Once again the largest players in the magazine media industry gathered for the annual plumage display. Everybody is excited to be there including me. I annually and happily re-meet so many old friends accumulated through a lifetime in the industry that it is a joy to be there among my comrades. We share old war stories and new thoughts of the current conditions of our media empires.
Linda Thomas Brooks, President and Chief Executive Officer of the MPA, opened the event with a thoughtful message she received once directly from the Dalai Lama. It was as mystical and as far reaching with simplicity as you might expect. "Keep working on it." You see, at first you go: what? And then the simple complexity settles in. Yes, no matter what it is that's going on, just keep working on it till you find an answer. Linda's application of that for the industry was, "there is no one answer," just keep working on it. And how right she is.
There was a time in the magazine industry when almost every publisher large and small worked from extremely similar business plans. We were all in the highly definable, easily explained, magazine publishing business. Now-a-days I'll bet there are no two business plans alike. The complexities and unlimited diversity of information delivery platforms in the magazine media business makes every business exploration for revenue uniquely different.
For the record, my long-time readers know that in years past I was pretty hard on the MPA and some of their initiatives. Either I have mellowed, or the MPA has greatly improved, perhaps both. I think Linda, is doing a great job as President and leader of the MPA. She is indeed the right person for the job.
Next up was a conversation by Sir Martin Sorrell, Founder and CEO of WPP, the world's largest advertising company. He discussed many things digital ad related and focused on the Facebook/Google "duopoly" in online advertising and search. He also suggested that Amazon is coming on strong, so perhaps we will soon have a Triopoly (my word not his).
During the Q&A I asked Sir Martin to comment on ad fraud and if there was a way to fight it. To my great disappointment he sort of groaned, "oh not that," and then didn't answer my question. Instead he suggested that Google and Facebook have to get together and solve the problem. How he and WPP can just duck such an enormous issue confronting us all to the tune of billions of lost dollars is curious and possibly revealing. My opinion - not that you asked for it - is that any business that can continuously, year after year, waste multiple billions of dollars in ad fraud may have too much money. My guess is that Sir Martin and WPP aren't the ones losing the money in the supply chain. In fact, quite the contrary.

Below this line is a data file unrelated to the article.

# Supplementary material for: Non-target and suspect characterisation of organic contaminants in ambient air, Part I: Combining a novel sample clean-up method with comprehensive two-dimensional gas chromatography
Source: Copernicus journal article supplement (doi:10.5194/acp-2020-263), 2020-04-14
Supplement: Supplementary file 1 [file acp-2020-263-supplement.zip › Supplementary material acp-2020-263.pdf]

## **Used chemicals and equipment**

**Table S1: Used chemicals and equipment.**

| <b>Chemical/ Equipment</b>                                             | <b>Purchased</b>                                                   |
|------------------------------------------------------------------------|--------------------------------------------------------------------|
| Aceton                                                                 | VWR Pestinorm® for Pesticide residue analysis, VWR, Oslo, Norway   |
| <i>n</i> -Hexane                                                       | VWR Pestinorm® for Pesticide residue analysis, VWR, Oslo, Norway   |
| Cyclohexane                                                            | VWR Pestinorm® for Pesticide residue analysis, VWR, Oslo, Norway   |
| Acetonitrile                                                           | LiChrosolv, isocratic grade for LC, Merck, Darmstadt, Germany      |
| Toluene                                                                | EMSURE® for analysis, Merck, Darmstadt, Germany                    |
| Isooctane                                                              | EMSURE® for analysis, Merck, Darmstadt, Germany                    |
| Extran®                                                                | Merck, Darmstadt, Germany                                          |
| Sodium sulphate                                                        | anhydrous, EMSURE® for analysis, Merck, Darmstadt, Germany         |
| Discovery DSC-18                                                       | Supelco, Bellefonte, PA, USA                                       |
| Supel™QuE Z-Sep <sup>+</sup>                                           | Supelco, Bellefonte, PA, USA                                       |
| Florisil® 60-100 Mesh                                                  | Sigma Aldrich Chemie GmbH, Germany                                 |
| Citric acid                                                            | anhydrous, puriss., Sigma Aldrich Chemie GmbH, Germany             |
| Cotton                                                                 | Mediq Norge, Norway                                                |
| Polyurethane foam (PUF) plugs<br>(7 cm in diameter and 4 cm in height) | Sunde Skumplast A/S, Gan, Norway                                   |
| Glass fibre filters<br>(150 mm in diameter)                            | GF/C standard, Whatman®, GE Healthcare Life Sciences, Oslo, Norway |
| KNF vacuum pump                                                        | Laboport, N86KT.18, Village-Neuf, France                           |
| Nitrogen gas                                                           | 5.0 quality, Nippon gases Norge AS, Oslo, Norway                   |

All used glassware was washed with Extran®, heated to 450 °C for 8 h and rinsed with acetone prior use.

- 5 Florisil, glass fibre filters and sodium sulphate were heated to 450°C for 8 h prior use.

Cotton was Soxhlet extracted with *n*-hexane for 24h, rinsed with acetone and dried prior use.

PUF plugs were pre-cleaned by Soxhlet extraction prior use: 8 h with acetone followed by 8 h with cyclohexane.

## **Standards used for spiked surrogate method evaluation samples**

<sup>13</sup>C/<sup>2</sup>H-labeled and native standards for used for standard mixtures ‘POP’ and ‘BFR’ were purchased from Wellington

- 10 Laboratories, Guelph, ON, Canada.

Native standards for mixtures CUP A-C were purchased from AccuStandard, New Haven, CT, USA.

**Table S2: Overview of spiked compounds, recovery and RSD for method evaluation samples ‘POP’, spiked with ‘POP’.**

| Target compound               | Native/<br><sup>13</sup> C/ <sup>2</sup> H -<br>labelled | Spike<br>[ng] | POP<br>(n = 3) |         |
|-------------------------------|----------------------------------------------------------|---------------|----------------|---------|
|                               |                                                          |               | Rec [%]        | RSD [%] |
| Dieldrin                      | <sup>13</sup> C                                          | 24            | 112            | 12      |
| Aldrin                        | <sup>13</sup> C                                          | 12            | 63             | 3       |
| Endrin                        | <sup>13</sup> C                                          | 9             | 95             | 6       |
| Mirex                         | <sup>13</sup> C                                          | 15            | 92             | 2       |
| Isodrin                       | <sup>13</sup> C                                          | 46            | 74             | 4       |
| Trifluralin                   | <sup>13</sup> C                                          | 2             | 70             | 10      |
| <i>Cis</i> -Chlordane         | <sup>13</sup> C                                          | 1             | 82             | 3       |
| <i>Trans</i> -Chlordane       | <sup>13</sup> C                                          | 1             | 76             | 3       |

Another interesting sidebar note: Sir Martin says he doesn't read much anymore. He said he used to get his news by reading. He rattled off many publications he used to read including The Economist, the Wall Street Journal, and quite a few others, that I didn't get, because I couldn't type fast enough. But now he reads much less and watches videos for his news. That could be important or it could mean nothing, but I thought it interesting to note.
Just a few more random observations. All day we heard about "targeting" our customers. I have a question for our companies built by wordsmiths. Are we corporate snipers? Why can't we use less offensive terminology? You don't, or at least shouldn't, target your friends. You might instead think of it as customer cultivation. Same process, less offensive branding.
Near the end of the show was the annual CEO round table discussion. With ongoing consolidation in our industry, Hearst's CEO David Carey and Condé Nast's CEO Bob Sauerberg were the only two CEO's to return from last year's AMMC event. New to the CEO AMMC discussion was Tom Harty, newly appointed as the CEO of Meredith Corp., New York Media CEO Pam Wasserstein, Active Interest Media CEO Andy Clurman and my newest life-long professional friend Erik Zinczenko, Bonnier Corp. CEO.
Truthfully, I wouldn't classify it as overly insightful because these are the generals of corporate armies, and they aren't really going to divulge any unique strategies. But while they do speak in generalities they are often worth listening to. And I like absorbing what they say as a group. It is fitting to close the event this way.
I would also like to point out what I thought was an omission of talent. Why wasn't Bonnie Kintzer, President and Chief Executive Officer of Trusted Media Brands up with the other CEOs. Certainty the CEO of Reader's Digest and Taste of Home has insights to share. My guess is that they felt seven CEOs were just too many cats to corral on stage at one time.
Lastly congratulations to Efrem "Skip" Zimbalist III, who was deservedly honored with the 2018 Lifetime Achievement Award. There is nothing quite like the recognition of your peers for a career well done. Bravo Skip.